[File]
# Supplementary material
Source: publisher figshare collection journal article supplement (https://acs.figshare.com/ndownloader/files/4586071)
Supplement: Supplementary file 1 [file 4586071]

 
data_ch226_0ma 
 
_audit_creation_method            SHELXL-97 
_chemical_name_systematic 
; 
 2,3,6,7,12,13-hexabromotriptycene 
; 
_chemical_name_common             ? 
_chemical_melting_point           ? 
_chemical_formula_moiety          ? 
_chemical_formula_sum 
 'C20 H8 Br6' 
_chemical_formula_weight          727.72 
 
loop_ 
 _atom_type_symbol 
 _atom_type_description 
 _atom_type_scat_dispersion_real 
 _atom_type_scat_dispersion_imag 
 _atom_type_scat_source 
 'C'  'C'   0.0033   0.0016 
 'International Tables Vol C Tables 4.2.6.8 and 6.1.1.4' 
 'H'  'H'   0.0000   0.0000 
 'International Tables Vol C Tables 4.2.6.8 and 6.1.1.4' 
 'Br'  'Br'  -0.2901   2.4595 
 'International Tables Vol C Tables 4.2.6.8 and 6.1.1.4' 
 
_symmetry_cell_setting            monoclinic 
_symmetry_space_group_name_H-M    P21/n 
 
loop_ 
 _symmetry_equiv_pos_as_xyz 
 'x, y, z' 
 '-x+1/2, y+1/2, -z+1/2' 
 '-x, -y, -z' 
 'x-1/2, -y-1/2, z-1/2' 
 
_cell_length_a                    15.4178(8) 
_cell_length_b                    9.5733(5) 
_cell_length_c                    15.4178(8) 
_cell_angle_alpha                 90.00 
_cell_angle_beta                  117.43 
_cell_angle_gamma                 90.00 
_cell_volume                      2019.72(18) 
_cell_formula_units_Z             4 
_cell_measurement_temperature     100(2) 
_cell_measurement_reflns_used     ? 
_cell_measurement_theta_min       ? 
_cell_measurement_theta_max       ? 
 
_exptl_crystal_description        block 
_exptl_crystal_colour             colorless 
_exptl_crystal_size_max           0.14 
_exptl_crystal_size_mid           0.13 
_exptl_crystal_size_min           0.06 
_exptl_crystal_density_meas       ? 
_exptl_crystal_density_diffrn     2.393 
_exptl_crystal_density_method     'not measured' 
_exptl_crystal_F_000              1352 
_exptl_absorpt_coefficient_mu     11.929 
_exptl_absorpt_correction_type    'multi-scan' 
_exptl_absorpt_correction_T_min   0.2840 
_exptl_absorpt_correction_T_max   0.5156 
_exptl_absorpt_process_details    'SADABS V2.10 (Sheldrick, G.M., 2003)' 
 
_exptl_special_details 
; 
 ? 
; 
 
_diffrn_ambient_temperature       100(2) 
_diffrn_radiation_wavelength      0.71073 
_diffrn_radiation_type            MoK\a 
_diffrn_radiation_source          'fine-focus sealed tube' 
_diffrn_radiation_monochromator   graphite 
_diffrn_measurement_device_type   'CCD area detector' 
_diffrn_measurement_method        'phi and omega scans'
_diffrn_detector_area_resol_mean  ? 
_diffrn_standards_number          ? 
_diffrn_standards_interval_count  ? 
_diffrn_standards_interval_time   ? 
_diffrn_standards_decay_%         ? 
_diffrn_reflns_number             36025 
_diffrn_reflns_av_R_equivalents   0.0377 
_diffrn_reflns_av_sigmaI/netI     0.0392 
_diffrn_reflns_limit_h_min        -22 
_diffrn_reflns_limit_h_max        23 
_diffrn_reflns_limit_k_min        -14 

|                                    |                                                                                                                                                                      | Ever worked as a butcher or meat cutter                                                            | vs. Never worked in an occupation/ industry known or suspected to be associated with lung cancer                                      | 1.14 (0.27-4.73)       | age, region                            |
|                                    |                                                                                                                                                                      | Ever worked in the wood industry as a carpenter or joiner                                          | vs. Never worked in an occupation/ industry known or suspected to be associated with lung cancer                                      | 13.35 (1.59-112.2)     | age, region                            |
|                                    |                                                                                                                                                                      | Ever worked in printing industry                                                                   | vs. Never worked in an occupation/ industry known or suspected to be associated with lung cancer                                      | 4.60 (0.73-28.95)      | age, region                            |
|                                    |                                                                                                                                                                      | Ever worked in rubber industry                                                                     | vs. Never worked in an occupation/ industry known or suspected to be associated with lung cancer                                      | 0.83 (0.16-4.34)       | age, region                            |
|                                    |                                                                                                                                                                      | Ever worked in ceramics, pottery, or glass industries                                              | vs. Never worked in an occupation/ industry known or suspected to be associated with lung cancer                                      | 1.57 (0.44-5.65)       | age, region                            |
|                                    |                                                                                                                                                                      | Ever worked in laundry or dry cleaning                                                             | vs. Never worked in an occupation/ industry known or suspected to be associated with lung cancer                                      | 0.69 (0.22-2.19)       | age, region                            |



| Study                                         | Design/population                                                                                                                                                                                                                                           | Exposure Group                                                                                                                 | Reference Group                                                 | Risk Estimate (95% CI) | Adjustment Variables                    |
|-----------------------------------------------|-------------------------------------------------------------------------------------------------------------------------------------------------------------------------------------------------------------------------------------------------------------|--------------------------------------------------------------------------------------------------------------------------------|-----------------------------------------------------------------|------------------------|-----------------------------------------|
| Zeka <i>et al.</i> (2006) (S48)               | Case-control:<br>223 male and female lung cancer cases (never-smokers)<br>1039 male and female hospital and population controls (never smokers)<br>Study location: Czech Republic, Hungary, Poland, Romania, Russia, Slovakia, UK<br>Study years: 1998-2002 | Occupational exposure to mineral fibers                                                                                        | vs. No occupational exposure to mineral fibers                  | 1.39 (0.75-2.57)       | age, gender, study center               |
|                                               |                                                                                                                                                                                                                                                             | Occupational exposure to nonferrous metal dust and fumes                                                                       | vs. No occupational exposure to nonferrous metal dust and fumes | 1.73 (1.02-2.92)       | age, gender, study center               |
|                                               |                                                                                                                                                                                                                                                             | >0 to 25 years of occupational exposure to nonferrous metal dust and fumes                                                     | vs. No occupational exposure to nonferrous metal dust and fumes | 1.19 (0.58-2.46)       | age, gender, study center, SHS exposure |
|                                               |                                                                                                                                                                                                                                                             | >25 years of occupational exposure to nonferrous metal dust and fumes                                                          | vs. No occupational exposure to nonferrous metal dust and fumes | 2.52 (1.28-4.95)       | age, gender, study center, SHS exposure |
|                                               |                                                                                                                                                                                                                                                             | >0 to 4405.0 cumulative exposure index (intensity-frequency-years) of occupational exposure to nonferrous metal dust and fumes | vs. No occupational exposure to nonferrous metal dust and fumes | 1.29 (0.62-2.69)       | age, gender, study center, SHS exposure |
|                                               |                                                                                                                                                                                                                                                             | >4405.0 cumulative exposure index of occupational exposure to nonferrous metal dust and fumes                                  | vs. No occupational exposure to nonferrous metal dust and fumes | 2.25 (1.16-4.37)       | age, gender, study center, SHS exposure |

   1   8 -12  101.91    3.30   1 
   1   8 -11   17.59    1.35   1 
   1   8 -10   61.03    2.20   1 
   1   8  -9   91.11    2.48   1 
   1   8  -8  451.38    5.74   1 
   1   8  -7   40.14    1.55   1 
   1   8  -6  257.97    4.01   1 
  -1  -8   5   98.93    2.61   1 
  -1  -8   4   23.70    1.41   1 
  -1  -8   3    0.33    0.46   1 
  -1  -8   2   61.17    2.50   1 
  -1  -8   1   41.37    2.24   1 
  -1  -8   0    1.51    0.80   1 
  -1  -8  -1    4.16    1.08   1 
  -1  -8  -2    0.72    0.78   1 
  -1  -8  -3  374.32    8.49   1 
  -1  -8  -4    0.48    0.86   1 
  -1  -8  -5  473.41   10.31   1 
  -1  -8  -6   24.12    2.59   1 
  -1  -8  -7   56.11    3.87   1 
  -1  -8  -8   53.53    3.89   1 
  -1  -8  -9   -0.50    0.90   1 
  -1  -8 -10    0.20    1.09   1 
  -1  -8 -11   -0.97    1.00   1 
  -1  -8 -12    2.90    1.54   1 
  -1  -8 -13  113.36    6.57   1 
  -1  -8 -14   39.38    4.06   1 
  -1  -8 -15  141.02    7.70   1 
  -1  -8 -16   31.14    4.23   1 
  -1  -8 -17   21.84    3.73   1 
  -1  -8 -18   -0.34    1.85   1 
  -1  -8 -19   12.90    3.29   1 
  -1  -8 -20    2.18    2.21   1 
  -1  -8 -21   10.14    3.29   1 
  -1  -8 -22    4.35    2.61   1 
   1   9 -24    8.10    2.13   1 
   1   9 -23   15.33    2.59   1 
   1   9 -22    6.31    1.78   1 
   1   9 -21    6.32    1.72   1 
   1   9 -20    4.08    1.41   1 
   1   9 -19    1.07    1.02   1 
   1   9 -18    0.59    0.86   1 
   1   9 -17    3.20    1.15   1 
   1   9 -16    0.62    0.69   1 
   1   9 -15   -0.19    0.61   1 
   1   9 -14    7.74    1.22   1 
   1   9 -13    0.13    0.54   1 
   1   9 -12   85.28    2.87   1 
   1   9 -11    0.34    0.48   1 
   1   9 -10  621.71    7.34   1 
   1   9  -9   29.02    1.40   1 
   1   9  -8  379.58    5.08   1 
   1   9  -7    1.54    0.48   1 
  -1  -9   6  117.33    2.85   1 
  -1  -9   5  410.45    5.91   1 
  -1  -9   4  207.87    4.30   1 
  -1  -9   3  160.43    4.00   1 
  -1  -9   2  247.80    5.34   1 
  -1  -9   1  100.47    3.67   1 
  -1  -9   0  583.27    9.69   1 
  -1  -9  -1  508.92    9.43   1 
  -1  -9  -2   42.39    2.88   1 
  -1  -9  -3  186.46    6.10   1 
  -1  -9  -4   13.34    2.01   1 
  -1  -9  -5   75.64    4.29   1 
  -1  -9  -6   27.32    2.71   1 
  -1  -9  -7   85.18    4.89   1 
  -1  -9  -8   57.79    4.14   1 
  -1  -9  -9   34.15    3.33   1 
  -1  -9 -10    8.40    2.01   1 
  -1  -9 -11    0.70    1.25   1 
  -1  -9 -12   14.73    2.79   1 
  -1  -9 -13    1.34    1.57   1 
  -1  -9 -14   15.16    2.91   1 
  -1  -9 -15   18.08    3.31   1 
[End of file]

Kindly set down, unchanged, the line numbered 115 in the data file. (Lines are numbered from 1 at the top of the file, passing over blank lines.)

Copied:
  -1  -8  -5  473.41   10.31   1 